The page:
In the late 19th century, Māori people — the first inhabitants who landed in Aotearoa (the Māori name for New Zealand) over a thousand years ago on waka canoes — accounted for just over 40,000 out of the millions of European settlers who had decided to call this country home. War with the settlers over land and rampant disease led the Māori to be declared a “dying race”. Hoping to “smooth down the dying pillow” of these indigenous people, the government launched initiatives designed to help the Māori population thrive in their own land. This not only gave the race time to recuperate but allowed them to eventually assimilate into the Western world and gain access to modern healthcare.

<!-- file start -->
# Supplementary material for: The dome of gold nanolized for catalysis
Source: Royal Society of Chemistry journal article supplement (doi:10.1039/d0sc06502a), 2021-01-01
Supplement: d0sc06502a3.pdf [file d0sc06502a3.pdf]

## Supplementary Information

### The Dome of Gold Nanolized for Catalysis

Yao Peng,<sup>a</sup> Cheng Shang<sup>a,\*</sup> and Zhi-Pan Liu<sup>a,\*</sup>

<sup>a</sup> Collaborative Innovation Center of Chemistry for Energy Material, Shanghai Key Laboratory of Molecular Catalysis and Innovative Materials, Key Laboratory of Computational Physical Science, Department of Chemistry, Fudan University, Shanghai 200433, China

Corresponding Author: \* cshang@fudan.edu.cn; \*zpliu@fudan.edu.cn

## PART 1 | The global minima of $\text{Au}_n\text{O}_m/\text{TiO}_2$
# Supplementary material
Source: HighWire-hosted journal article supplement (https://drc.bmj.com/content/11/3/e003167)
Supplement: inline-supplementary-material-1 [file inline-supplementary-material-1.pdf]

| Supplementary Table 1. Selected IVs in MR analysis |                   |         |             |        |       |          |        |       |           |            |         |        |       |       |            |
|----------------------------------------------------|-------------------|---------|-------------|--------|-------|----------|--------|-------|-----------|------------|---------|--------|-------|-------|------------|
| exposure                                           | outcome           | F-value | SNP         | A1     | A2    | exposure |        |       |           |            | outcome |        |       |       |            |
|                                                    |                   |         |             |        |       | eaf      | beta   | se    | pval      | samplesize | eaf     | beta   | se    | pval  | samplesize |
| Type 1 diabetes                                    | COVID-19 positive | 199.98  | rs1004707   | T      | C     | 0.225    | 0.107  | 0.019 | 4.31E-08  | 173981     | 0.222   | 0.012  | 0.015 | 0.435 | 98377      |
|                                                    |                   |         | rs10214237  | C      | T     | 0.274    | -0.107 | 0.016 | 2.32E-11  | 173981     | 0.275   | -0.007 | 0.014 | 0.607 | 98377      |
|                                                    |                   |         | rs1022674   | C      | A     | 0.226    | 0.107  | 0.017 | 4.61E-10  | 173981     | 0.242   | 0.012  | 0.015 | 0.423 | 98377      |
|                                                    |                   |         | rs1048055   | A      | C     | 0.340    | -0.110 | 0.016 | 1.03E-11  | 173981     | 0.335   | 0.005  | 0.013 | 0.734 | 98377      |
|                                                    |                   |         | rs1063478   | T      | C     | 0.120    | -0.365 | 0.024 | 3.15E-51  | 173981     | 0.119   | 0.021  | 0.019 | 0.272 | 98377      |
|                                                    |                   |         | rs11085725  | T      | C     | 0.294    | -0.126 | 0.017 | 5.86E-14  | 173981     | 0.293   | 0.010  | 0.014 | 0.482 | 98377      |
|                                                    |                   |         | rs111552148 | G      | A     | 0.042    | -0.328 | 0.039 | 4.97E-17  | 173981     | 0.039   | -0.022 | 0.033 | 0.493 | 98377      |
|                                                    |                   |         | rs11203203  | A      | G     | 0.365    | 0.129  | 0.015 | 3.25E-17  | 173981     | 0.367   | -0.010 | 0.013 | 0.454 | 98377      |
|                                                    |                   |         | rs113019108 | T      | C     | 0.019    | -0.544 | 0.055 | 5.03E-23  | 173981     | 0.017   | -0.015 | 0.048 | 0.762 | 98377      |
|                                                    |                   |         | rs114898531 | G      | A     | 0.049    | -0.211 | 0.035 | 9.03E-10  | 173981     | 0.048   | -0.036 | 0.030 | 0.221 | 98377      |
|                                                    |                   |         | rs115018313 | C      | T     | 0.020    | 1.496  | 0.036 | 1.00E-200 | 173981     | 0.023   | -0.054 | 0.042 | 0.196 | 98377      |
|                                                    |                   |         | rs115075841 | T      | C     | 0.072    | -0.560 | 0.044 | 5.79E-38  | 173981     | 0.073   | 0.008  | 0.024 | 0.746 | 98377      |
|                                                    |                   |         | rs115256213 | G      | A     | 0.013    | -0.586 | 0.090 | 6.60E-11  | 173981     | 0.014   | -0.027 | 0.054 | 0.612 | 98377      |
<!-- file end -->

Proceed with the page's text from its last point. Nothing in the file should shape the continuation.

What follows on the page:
Fast forward to today, and this resilient race now number over half a million. Many are of mixed heritage but reassert their identity as Māori. Central to this sense of identity is the emphasis on Māori language as an integral part of their culture. Major Māori language recovery programmes launched in the 1980s reached out to youngsters through the New Zealand education system.

But Māori was never intended to be a written language taught in the classroom. It was through song that stories were recorded and ancestral myths and folklores shared. And this has allowed the world to experience one of the culture’s most pulsating traditions — the Haka, essentially a Māori ceremonial dance or chant that tells a story.

Arapeta, a cultural performer at Tamaki Māori Village, explains: “Haka is often seen as a war dance, but it’s also usually performed on other occasions, at weddings, funerals and even simply to welcome guests.”